Is Realignment a Biblical Option?
John M. Frame
On Jan. 15 of this year, New Life Presbyterian Church (OPC) of Escondido, California, took its second and deciding vote to leave the Orthodox Presbyterian Church for the Presbyterian Church in America. I serve on the session of that congregation. Our reason was as follows: Our congregation has gifts from God, a strategic location, a burden and, we believe, a calling, to plant churches in San Diego County. For various reasons (space precludes details) most of the more gifted potential church planters in this area have preferred to work in the PCA rather than in the OPC. Thus we believed that we had good reason, indeed a divine mandate of sorts, to switch denominations.
For this decision we have endured much criticism. Words like "disloyalty," "betrayal," "abandonment," even "schism" have been used to characterize our action. Nevertheless, I believe that our decision can be justified biblically.
The term "schismatic" was used in the early centuries of the church to describe groups such as the Novatians and the Donatists who rejected the government of the one true church to begin their own "churches," in effect, the first denominations. Jesus Christ had established a single church, one in organization as well as spirit. To break away from that body was to despise the leaders God had provided, rather than to "obey" them as scripture required (Heb. 13:17). Schismatics were people who wanted to obey only the leaders of their own party (cf. I Cor. 1:10-17, 3:1-23). They wanted to be their own bosses.
On the other hand, there was evidently no problem at all, in the NT period and later, when people wished to move from one part of the church to another. Priscilla, Aquila, Paul, Timothy, Silas, Barnabas, Mark and many others often moved from place to place in their missionary labors. Though there were some sad partings (as Acts 20:36-38), the missionaries moved on to spread the word.
Now today we live in a rather different situation. The church today is not organizationally one as in the first centuries, but is divided into many denominations. Often today, in order to "move from one part of the church to another," i.e., to work with other groups of Christians and benefit from their gifts, we must cross denominational barriers. That is how it is in our case. We want to work with some Christians who have developed an effective vision and plan for church planting; but we cannot work closely with them without crossing a denominational barrier. Is that "schism," or is it merely "moving from one part of the church to another?"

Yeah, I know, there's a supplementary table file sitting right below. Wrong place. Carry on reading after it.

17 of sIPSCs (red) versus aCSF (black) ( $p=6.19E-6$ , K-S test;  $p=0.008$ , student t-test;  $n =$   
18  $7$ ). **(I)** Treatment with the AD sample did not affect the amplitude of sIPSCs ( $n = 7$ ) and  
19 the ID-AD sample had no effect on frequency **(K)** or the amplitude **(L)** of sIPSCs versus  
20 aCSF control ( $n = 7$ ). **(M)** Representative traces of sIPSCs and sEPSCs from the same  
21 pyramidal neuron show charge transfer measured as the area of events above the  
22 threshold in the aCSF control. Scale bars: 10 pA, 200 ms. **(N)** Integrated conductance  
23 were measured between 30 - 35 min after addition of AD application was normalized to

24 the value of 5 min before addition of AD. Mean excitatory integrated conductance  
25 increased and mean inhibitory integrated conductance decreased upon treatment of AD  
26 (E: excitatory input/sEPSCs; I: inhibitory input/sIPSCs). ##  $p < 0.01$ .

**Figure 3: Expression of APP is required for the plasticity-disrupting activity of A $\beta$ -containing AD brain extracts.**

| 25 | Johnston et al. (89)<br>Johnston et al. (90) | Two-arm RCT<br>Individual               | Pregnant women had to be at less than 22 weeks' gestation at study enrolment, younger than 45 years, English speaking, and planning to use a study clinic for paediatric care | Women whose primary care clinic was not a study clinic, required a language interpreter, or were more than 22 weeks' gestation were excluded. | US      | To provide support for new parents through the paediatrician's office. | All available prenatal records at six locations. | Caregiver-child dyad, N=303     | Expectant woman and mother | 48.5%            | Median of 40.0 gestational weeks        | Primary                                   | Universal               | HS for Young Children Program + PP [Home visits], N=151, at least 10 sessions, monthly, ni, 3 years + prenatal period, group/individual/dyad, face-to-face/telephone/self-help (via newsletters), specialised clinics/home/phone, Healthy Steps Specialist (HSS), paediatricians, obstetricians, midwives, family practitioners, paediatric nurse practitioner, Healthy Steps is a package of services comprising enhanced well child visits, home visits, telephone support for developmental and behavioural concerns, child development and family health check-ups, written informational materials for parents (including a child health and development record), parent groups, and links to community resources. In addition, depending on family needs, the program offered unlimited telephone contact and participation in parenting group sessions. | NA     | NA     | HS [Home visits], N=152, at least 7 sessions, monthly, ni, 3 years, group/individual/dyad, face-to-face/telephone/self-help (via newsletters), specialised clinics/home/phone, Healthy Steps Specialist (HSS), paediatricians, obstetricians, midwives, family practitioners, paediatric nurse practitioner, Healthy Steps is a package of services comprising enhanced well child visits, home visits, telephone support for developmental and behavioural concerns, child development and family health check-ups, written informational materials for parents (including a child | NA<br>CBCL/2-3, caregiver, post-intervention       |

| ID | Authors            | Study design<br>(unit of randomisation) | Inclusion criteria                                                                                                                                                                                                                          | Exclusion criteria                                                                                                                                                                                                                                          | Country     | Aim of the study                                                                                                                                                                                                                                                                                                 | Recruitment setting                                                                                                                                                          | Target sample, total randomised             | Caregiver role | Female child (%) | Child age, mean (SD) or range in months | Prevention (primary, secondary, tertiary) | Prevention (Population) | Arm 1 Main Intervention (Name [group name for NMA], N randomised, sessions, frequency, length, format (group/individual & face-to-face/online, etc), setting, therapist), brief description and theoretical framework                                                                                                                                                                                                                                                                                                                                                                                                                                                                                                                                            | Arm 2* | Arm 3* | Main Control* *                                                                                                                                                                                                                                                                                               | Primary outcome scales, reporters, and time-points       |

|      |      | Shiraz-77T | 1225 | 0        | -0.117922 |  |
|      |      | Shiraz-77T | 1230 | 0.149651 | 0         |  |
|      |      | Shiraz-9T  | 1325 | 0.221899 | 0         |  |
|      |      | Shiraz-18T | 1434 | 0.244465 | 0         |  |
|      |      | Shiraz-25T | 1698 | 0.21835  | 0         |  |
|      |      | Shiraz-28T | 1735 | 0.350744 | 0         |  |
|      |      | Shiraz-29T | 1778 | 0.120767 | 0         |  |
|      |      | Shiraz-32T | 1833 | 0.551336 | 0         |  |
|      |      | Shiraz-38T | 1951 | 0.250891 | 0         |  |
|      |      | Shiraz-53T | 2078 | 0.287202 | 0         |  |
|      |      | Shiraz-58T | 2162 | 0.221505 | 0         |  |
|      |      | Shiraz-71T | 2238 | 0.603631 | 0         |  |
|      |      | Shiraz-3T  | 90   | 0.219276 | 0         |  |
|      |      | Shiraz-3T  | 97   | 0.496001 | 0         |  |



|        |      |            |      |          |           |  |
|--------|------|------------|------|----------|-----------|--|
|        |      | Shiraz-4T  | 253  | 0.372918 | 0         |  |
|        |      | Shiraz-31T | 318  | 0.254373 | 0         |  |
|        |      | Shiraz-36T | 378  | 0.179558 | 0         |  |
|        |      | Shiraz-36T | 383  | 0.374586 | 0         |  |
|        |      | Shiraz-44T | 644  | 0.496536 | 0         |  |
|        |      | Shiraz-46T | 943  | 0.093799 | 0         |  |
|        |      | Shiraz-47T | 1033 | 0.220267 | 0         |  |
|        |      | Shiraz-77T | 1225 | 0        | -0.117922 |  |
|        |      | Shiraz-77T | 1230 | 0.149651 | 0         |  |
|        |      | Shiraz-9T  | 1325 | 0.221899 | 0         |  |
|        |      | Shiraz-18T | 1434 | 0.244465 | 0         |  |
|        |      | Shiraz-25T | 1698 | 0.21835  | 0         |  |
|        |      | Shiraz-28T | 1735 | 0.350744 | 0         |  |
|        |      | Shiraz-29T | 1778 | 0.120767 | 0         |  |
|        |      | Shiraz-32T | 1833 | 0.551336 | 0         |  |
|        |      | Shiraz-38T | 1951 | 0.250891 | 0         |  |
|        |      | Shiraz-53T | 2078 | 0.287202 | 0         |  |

In some cases, such a move might be schismatic. Even today, it is possible that a church might want to switch denominations because of contempt for the government of his own denomination. Sometimes churches leave denominations and either become independent or start their own new denominations out of little more than a prideful desire to be their own bosses.
On the other hand, there are many situations where changing denominations is clearly not sinful. Church members often transfer from OPC to PCA and vice versa for many reasons: geography, better use of gifts, etc. Ministers of the one group have often accepted calls to the other group in order to follow God's calling and to make best use of their God-given gifts. When individuals make such transfers, no one ever seems to complain that they are being "schismatic," "disloyal" or whatever. It is well understood that these people are simply "moving from one part of the church to another" even though such a move involves crossing a denominational barrier.
But when a congregation moves, the response is often very different. People in the original denomination sometimes get very critical, even angry. But why should congregations be any different from individuals? Congregations, like individuals, have God-given gifts and God-given callings.
I honestly believe that New Life's action is not motivated by any contempt for the government of the OPC. Our action is provided for in the OPC Form of Government, and we are following that provision very carefully. In the very act of withdrawal, we are seeking to be subject to our OPC brethren. We have no desire for autonomy, to be our own bosses; on the contrary, we are joining another Presbyterian denomination which, just like the OPC, requires obedience to its standards and to its courts. Indeed, we have no real desire to be apart from our OPC brethren. Our fondest wish is that one day that denominational barrier (which, I believe, exists contrary to God's will) will be gone, and we will all be together in a united church. But until that happens, we must, in order to profit from the gifts of God's people in the other body, cross that barrier from time to time. But this is nothing more than "moving from one part of the church to another."
I earnestly hope that we will learn to take that denominational barrier less and less seriously until it disappears altogether. Certainly you who stay in the OPC have no right, in the absence of compelling evidence, to judge the motives of those who wish to cross that barrier. Let God's word temper your initial emotional reactions. There is no need at all for realignment to cause bitterness between us. We continue to love you, and we treasure your love and faithfulness to our Lord Jesus Christ. We pray that that love and respect will be mutual.